Endings and Beginnings

Sunrise

I awoke early last Monday morning, feeling as if I were on the “champagne stage” of the Tour de France, where the victorious pedal into Paris for the last leg of a long race while sipping champagne. I had just finished composing my saxophone concerto the night before; all that was left to do was a little tweaking and formatting. Angel and I took a walk at dawn, witnessing a spectacular sunrise through storm clouds that were passing away, an apt visual metaphor for the intense few months I had spent writing this piece. I was on the champagne stage now – just a few more hours of studio time and I would indulge in a glass of prosecco at the end of the day.

Hydrangea 'Limelight'

The world changed while I was preoccupied in my studio. I vaguely remember seeing the garden when I came out to visit for an hour or two each day, but my head was full of music and I wasn’t really paying close attention.  Now that I’ve had a week to reorient myself, I’m a bit taken aback. I feel as if I’ve gone through a magical revolving door from the gaudy splendor of the July garden to the mellow pace of August. A few daylily blooms persist but the color banner is carried forward by the large blowsy flowers of PeeGee Hydrangeas, Rose of Sharon, tall stands of garden phlox, the bright daisy forms of Echinacea and Rudbeckia, and the fresh rebloom of roses.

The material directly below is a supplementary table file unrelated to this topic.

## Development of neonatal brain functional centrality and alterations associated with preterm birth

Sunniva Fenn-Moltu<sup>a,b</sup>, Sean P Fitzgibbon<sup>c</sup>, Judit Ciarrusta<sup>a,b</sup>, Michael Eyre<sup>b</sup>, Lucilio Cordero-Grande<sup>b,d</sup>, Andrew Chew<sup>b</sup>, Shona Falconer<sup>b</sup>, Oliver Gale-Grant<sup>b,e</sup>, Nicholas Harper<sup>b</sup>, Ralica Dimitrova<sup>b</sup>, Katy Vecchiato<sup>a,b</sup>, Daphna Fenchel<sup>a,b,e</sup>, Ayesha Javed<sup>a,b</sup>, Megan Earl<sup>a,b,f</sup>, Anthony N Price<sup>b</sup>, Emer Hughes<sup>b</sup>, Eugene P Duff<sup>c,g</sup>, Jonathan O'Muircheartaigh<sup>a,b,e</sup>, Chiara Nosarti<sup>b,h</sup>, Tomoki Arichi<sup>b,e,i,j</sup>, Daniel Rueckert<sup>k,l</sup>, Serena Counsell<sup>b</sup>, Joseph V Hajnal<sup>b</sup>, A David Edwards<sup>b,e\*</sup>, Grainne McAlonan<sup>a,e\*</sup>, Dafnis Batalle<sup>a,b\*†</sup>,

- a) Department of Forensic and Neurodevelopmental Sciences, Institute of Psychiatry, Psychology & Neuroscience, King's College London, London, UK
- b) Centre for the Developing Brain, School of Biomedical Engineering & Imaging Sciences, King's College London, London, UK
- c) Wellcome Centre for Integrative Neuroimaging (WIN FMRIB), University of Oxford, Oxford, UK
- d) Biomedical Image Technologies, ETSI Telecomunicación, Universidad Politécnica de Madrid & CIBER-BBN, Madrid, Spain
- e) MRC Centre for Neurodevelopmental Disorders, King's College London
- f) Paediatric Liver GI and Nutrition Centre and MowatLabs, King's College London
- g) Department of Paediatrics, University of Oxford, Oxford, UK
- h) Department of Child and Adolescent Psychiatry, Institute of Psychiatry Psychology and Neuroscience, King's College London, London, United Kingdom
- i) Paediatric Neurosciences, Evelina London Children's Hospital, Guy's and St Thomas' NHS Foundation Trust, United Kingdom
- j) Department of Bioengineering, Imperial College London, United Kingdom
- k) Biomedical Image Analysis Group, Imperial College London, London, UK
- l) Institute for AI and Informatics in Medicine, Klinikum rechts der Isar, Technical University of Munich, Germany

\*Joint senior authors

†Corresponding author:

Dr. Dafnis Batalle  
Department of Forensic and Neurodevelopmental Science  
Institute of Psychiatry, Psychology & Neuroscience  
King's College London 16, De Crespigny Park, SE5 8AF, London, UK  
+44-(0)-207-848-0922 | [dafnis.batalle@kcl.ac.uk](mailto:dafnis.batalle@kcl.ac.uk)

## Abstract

It is now a more relaxed garden, requiring a relaxed butterflyWPattitude towards the insect damaged leaves of blooming plants and a tolerance for the gradual disintegration of carefully crafted color combinations. The quiet of dusk and dawn have been filled with a raucous chorus of cicadas by day and the bold throbbing songs of tree frogs by night. Flocks of butterflies cover the Buddleia (butterfly bush) by the deck and hummingbirds in two’s and three’s feed on the Salvias nearby.

July has ended, August has begun and their sights and sounds are distinctly different. It has taken me a week to begin writing in words instead of notes, and of raising the camera to my eye once again.  Here are a few portraits of the garden in August. Enjoy, and perhaps join me in a glass of champagne to celebrate the beauty of endings and beginnings.

When you’re young you prefer the vulgar months, the fullness of the seasons. As you grow older you learn to like the in-between times, the months that can’t make up their minds. Perhaps it’s a way of admitting that things can’t ever bear the same certainty again. ― Julian BarnesFlaubert’s Parrot (courtesy of Good Reads)

Adjusting the Trajectory

Trajectory:
1:
the curve that a body (as a planet or comet in its orbit or a rocket) describes in space

2: a path, progression, or line of development resembling a physical trajectory <an upward career trajectory>
~from the Merriam-Webster Dictionary Online

Janus sculpture in the Vatican Museum